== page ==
Cleveland embraced indoor baseball in the early 1900s. Played in a gym or armory, the game was a variation on baseball/fast-pitch softball. It featured a ball with raised seams delivered underhand, bats that were thinner than baseball bats, and 27-foot (or sometimes 35-foot) basepaths. Bunting was so important in the game that five infielders were used. Two were positioned to the left and right of the pitcher between the pitcher’s box and the batter’s box, and the other three were at the bases. Only two outfielders were used.

Leber saw action as a third baseman during the winter months as early as 1902 with O’Connor’s. The next season he joined the Cardinals, reigning champion of the Metropolitan League. Statistics are sparse for these leagues, but Leber was the leading fielder at third base. Even with a fielder in front of him to handle bunts, he was getting six fielding chances a game in 1902. At bat, he hovered around the .400 mark.

Summer baseball in the Cleveland area was a major event. The City League featured six to eight teams playing games on Sunday afternoons from April to October. There were also many independent teams. It was not unusual for the newspapers to report crowds of 1,000, 2,000, or even 8,000 at a game. Leber joined a team known as Fowlers in the City League in 1902. A group of baseball pundits assembled by the Plain Dealer in 1904 named the Fowlers one of the top teams for players in their 20s. They dubbed Leber the best third baseman in that group.

Emil opened 1905 with the Fowlers but switched after two games to the Forest City Parks team, one of the strongest independent teams in the city. Even with an independent team, Emil was likely to play only 25 to 30 games. This would explain his lack of experience when thrown into the professional ranks. In 1906 Leber returned to the City League with English Woolen Mills. He was a teammate of Richard “Rube” Marquard. The next year he joined Sand’s Diamonds in the same circuit. During the week he was the hitting star for the postal carriers team in the Postal League.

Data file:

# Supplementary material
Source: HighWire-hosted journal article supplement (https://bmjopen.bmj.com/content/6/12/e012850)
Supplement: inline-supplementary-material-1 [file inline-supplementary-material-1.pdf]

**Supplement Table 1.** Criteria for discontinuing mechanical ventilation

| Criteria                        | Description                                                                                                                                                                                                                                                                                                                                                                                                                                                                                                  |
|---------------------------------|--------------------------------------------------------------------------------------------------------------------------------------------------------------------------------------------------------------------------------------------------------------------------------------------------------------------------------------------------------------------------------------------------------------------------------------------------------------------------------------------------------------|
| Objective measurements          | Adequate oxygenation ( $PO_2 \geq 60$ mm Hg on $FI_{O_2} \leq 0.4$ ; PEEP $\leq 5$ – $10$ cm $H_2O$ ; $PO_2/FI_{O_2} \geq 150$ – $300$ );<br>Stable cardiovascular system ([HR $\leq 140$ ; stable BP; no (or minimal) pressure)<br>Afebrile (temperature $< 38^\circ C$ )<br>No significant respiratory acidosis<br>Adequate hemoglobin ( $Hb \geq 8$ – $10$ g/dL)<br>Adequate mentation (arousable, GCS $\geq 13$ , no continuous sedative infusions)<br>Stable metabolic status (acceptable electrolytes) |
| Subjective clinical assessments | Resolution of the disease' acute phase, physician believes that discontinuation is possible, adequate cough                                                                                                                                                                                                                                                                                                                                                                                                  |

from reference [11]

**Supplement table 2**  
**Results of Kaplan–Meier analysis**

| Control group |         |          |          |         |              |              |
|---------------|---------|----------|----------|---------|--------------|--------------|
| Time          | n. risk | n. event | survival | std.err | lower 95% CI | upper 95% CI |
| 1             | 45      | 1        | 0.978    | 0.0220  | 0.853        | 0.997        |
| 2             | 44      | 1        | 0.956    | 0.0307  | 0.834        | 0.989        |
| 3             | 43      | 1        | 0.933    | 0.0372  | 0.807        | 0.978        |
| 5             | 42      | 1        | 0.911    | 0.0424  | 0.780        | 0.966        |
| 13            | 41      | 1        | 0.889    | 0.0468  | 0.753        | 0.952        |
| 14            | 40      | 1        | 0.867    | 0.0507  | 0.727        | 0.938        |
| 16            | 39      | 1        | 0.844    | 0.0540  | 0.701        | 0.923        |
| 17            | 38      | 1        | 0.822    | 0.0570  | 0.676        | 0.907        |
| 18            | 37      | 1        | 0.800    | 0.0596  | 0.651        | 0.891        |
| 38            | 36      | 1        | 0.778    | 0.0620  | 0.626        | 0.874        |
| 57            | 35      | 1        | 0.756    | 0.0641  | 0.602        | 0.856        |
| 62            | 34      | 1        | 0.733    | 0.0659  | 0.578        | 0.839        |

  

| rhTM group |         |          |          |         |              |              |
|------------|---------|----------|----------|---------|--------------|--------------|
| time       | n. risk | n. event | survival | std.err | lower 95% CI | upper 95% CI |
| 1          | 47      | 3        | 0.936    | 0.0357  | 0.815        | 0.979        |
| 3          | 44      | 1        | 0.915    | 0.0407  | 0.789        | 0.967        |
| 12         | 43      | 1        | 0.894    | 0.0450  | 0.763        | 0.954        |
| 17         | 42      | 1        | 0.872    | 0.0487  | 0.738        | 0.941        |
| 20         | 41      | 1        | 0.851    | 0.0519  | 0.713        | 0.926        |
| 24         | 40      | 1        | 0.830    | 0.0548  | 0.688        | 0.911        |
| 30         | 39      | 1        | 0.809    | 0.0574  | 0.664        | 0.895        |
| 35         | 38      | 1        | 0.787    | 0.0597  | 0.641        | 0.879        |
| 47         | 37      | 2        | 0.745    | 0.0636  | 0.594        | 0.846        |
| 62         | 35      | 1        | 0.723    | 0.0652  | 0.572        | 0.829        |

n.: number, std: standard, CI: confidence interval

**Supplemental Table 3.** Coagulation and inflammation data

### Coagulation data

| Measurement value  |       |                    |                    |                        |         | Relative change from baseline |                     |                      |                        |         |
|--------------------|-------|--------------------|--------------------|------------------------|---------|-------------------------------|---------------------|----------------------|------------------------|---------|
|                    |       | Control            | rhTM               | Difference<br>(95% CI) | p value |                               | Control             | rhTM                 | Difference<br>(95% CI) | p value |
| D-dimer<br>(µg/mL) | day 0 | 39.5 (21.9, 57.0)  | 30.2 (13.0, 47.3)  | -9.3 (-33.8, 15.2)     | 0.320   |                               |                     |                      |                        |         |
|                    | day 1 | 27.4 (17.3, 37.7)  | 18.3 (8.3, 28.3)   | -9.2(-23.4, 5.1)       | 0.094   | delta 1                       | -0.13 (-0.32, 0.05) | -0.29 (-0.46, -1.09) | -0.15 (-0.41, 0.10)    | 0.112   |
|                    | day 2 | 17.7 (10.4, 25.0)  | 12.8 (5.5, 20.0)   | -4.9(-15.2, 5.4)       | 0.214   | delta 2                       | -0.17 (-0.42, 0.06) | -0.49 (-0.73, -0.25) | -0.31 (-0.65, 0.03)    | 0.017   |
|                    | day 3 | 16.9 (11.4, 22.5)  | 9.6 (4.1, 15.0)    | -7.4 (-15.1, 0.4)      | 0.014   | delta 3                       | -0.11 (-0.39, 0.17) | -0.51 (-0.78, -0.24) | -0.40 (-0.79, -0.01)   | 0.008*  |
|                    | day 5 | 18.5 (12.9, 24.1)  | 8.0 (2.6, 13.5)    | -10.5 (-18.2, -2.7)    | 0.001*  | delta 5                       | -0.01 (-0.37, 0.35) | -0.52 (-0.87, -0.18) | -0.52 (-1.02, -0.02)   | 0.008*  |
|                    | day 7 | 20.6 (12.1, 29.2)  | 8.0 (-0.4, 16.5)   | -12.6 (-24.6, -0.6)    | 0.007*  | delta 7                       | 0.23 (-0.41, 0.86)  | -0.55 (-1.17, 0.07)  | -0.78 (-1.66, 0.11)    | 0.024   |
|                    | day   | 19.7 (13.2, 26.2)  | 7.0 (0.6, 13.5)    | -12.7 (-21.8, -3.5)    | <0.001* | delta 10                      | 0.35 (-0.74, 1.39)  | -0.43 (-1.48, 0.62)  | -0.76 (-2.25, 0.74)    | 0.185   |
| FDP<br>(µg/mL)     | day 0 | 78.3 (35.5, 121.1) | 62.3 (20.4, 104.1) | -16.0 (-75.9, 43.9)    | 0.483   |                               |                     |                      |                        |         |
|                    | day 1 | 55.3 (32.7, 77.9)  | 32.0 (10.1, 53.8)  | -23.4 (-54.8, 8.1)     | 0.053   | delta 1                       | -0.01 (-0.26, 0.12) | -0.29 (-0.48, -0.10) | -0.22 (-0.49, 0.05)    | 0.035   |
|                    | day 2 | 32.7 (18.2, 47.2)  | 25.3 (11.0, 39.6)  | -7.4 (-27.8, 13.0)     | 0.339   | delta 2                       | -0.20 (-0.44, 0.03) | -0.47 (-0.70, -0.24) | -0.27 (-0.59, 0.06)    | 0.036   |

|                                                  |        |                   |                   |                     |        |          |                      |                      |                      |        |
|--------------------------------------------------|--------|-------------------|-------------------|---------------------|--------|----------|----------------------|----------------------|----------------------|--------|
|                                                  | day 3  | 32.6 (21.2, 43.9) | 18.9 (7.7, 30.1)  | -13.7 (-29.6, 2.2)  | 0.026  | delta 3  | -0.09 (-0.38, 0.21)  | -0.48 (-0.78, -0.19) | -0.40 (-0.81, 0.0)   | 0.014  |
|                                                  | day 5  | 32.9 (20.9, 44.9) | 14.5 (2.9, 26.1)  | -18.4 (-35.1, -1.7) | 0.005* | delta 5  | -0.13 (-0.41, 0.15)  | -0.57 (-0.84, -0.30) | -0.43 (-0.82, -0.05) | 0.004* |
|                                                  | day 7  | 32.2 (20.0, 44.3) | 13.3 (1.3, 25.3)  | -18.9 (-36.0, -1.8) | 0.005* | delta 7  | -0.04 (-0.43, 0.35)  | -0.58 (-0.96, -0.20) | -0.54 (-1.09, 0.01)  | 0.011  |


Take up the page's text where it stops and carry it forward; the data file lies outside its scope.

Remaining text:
In 1908 Leber joined the independent Vacha All-Stars, a traveling team that played within a 75-mile radius of Cleveland. In August 1909 Leber teamed up with Joe Leber and Johnny Leber on the Cleveland Browns. Joe pitched and John played shortstop. In 1910 Emil stayed close to home and joined the Hinkels team in Cleveland. His career was winding down; the Hinkels were in a lower level of competition than his previous teams. After that season Emil confined his ballplaying to the Postal League.

(Emil Leber has been confused in baseball circles with Johnny Leber. As of January 1, 2014, Baseball-Reference.com used a photo of Johnny on Emil’s page. Johnny was also known as Jack or Little Jack, and had a five-year minor-league career plus a spring-training tryout with Cleveland in 1917. In box scores from 1909 Johnny was referred to as Leber Jr. That would lead to the supposition that he was not Emil’s younger brother. As for Joe Leber, who pitched on the Cleveland sandlots, no information has been found linking him to Emil as a relative. There was a Joe Leber pitching when Emil was a teenager, it is likely this is the same Joe Leber he played with on the Cleveland Browns.)

On April 22, 1907, Emil married Emma Svec. The couple never had any children. Emma worked at the May Company, a local department store. Emil was active in the Bohemian community and also joined the Knights of Pythias. He died on November 6, 1924, from pneumonia. The funeral was held at the Bohemian Hall and Leber was buried in Riverside Cemetery, Cleveland.

 

Sources

In addition to the sources cited in the text, the author used the Hall of Fame questionnaire for Leber, the Cleveland Press, ancestry.com, and the Cleveland Leader.

 

Notes

1 Chicago Tribune, September 4, 1905, 8.

2 Cleveland Plain Dealer, December 26, 1904, 3.